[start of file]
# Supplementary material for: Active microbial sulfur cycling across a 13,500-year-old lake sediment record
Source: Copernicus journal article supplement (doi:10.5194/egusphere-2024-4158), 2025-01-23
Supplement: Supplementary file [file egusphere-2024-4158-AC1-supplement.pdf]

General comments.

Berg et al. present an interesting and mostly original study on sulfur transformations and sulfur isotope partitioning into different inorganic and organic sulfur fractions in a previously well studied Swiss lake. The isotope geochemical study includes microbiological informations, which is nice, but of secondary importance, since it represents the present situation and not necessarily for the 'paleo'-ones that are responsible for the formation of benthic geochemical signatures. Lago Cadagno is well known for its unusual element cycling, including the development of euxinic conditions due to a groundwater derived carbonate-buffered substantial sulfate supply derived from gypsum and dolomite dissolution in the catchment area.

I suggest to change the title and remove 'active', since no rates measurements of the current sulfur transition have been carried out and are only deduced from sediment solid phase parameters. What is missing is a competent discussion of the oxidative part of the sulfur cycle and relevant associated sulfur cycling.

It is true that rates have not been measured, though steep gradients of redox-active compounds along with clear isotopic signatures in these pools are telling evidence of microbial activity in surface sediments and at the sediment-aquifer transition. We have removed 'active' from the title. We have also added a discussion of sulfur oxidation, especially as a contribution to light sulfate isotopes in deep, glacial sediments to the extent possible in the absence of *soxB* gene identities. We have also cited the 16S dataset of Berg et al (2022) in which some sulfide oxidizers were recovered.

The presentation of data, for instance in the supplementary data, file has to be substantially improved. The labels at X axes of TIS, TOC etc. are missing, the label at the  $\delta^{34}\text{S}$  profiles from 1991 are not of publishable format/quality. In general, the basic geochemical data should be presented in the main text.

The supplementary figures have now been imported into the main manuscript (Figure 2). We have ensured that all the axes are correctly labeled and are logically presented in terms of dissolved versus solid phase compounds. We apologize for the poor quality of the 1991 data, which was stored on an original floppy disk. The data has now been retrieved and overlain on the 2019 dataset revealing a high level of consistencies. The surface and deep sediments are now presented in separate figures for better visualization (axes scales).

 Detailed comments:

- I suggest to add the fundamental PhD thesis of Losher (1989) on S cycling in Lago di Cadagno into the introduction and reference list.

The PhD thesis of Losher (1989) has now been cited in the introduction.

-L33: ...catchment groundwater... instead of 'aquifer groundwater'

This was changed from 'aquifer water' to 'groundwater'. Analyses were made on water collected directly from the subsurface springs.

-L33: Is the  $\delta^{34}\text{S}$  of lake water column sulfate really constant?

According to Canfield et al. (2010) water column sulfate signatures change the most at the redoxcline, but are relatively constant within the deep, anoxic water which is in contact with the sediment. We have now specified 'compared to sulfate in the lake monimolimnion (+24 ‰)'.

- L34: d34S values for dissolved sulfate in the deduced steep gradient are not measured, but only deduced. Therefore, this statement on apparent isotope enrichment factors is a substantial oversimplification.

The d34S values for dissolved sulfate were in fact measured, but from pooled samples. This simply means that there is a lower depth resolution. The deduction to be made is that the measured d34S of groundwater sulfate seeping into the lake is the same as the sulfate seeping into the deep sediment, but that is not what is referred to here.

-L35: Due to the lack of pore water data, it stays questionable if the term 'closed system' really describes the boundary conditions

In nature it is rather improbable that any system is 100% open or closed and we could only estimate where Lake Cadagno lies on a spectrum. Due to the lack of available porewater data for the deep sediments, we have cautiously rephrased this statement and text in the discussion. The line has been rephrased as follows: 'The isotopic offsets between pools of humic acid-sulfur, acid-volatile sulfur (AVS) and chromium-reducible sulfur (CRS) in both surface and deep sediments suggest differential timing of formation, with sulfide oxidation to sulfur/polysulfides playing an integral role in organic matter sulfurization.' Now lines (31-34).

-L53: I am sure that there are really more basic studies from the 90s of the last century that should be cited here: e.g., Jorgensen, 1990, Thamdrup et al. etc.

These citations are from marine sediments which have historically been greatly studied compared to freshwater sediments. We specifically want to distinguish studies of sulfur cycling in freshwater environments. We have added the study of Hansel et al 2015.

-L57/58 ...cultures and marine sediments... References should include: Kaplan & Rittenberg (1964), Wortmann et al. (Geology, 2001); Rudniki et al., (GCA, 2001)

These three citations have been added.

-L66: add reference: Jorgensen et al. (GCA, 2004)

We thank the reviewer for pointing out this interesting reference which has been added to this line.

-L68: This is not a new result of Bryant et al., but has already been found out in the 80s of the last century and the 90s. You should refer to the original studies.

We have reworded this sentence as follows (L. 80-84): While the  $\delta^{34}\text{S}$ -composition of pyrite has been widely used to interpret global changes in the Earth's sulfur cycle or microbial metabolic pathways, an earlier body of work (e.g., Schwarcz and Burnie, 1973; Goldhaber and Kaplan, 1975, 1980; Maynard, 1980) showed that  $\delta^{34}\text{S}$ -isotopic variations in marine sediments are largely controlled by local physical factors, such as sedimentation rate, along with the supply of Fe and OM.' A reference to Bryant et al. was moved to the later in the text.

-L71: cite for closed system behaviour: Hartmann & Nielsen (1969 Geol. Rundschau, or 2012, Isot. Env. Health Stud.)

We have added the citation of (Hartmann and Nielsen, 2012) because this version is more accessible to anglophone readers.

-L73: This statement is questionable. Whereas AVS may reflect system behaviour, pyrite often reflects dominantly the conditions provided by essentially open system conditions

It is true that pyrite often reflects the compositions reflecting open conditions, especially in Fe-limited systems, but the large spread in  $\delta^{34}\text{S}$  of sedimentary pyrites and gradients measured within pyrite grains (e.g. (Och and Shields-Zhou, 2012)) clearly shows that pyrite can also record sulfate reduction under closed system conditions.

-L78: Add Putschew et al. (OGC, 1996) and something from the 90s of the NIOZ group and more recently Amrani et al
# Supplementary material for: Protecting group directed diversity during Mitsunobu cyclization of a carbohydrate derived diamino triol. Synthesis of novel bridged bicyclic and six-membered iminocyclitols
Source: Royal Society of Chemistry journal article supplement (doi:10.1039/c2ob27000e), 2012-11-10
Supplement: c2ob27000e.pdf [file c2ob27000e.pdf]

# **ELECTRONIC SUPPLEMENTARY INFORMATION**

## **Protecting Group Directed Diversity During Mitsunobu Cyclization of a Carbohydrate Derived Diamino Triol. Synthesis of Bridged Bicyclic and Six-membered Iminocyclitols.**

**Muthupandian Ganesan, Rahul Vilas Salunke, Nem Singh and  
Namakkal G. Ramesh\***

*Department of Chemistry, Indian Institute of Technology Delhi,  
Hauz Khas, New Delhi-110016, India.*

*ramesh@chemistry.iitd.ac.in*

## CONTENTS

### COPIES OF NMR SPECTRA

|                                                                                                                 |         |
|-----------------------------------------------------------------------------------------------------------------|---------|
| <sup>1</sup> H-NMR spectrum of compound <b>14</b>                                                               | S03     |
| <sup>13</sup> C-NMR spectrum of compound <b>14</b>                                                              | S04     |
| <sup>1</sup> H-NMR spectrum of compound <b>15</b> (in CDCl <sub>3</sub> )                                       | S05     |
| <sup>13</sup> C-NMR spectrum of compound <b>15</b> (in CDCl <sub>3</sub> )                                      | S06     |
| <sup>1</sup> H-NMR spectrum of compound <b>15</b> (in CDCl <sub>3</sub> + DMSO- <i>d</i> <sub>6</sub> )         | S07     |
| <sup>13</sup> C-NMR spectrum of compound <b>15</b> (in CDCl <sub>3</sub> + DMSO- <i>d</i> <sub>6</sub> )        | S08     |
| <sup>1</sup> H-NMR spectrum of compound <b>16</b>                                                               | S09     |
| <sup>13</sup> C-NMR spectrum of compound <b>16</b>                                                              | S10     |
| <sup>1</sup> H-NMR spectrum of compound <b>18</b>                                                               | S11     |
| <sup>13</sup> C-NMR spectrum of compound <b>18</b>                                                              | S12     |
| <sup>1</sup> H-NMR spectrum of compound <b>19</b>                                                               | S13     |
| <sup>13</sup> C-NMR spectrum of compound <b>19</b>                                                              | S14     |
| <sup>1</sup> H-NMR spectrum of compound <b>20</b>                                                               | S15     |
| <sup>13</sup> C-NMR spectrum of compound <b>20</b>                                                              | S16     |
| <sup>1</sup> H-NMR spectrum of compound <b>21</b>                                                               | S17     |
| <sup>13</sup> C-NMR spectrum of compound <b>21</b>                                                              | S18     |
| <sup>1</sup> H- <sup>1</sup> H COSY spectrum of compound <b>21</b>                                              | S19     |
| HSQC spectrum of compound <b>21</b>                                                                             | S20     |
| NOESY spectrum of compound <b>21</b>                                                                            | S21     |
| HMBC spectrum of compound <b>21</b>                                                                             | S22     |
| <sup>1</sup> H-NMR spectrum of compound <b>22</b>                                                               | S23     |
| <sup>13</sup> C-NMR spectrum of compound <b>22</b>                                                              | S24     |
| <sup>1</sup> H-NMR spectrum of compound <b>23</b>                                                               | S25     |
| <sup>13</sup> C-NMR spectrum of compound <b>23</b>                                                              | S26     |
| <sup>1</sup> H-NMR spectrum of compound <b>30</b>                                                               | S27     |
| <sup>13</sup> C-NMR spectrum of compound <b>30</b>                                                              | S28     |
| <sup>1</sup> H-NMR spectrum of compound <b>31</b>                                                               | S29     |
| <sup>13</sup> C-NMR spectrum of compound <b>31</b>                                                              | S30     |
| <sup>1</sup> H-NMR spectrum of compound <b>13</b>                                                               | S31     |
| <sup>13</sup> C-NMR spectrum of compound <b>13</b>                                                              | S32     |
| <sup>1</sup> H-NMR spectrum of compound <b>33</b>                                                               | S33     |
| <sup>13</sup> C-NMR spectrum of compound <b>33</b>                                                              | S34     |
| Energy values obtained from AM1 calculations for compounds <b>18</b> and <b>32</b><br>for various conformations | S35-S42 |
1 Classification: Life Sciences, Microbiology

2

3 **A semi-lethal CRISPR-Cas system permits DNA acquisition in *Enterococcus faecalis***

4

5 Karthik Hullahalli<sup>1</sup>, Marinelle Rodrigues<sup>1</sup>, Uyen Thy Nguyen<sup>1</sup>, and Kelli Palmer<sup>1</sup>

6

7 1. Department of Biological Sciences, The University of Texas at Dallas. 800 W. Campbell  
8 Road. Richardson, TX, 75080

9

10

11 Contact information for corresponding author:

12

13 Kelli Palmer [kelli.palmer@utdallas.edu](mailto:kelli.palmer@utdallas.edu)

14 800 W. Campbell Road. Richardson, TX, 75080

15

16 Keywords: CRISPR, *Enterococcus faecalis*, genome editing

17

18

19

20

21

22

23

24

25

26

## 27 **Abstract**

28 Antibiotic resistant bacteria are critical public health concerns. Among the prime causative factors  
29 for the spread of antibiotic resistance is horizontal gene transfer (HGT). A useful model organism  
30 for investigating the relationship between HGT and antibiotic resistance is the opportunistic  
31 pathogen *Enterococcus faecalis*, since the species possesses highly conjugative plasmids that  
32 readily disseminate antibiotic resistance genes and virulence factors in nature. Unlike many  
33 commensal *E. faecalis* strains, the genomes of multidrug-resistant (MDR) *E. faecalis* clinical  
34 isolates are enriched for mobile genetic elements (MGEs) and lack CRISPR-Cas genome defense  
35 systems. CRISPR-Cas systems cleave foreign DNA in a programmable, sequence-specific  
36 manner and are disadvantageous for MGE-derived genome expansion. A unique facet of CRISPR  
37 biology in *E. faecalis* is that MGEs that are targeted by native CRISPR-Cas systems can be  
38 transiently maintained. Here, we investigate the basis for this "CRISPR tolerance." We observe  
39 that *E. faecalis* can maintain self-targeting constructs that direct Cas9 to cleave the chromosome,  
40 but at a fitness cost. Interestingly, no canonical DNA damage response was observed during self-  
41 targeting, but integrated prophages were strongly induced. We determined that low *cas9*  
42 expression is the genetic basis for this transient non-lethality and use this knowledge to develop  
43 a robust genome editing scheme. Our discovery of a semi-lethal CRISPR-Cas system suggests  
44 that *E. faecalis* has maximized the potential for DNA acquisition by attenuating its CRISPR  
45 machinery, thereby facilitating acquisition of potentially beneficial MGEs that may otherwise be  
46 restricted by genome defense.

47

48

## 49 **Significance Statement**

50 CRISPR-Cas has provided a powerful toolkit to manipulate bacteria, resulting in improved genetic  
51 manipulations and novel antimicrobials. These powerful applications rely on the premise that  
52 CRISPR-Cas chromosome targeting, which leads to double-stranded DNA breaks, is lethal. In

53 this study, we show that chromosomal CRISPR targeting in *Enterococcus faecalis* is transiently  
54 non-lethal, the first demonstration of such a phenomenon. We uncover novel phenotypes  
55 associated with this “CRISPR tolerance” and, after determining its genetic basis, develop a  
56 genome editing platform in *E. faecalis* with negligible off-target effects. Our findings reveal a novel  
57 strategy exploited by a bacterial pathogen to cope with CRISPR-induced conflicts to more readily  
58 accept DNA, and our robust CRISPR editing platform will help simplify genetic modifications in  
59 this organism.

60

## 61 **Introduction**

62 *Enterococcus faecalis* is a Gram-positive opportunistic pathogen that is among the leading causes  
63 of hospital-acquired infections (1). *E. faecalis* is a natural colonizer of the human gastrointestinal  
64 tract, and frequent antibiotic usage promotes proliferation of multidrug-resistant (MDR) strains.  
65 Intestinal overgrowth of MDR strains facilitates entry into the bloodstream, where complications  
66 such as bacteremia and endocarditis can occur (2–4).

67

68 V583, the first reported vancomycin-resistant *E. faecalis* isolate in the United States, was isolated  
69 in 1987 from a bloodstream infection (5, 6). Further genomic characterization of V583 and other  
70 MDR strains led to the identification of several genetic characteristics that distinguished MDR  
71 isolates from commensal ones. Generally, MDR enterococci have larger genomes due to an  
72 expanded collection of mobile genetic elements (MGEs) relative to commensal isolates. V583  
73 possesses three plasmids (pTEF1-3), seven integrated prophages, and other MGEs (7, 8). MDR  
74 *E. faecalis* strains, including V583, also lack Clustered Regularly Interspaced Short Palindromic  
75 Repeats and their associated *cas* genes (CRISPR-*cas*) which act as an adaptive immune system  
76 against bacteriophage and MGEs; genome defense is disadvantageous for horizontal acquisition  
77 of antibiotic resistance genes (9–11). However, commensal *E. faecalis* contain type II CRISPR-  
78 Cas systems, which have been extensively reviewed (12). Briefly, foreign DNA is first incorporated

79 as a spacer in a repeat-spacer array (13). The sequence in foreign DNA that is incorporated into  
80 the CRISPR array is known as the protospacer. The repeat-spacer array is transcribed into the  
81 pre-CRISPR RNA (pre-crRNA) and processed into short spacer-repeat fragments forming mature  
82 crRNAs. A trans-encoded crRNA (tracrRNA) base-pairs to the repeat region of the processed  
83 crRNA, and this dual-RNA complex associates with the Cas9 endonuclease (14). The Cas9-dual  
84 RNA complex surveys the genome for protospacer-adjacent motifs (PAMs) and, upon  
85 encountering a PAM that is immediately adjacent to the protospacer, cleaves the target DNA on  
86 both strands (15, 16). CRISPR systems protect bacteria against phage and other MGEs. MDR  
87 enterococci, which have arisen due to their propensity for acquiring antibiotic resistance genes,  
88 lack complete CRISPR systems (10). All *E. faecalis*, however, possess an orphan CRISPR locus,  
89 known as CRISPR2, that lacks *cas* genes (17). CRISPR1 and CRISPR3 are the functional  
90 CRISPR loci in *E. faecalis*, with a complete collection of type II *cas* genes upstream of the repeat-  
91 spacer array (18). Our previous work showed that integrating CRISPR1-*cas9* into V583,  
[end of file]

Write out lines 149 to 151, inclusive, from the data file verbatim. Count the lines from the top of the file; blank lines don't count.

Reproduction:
69 in 1987 from a bloodstream infection (5, 6). Further genomic characterization of V583 and other  
70 MDR strains led to the identification of several genetic characteristics that distinguished MDR  
71 isolates from commensal ones. Generally, MDR enterococci have larger genomes due to an  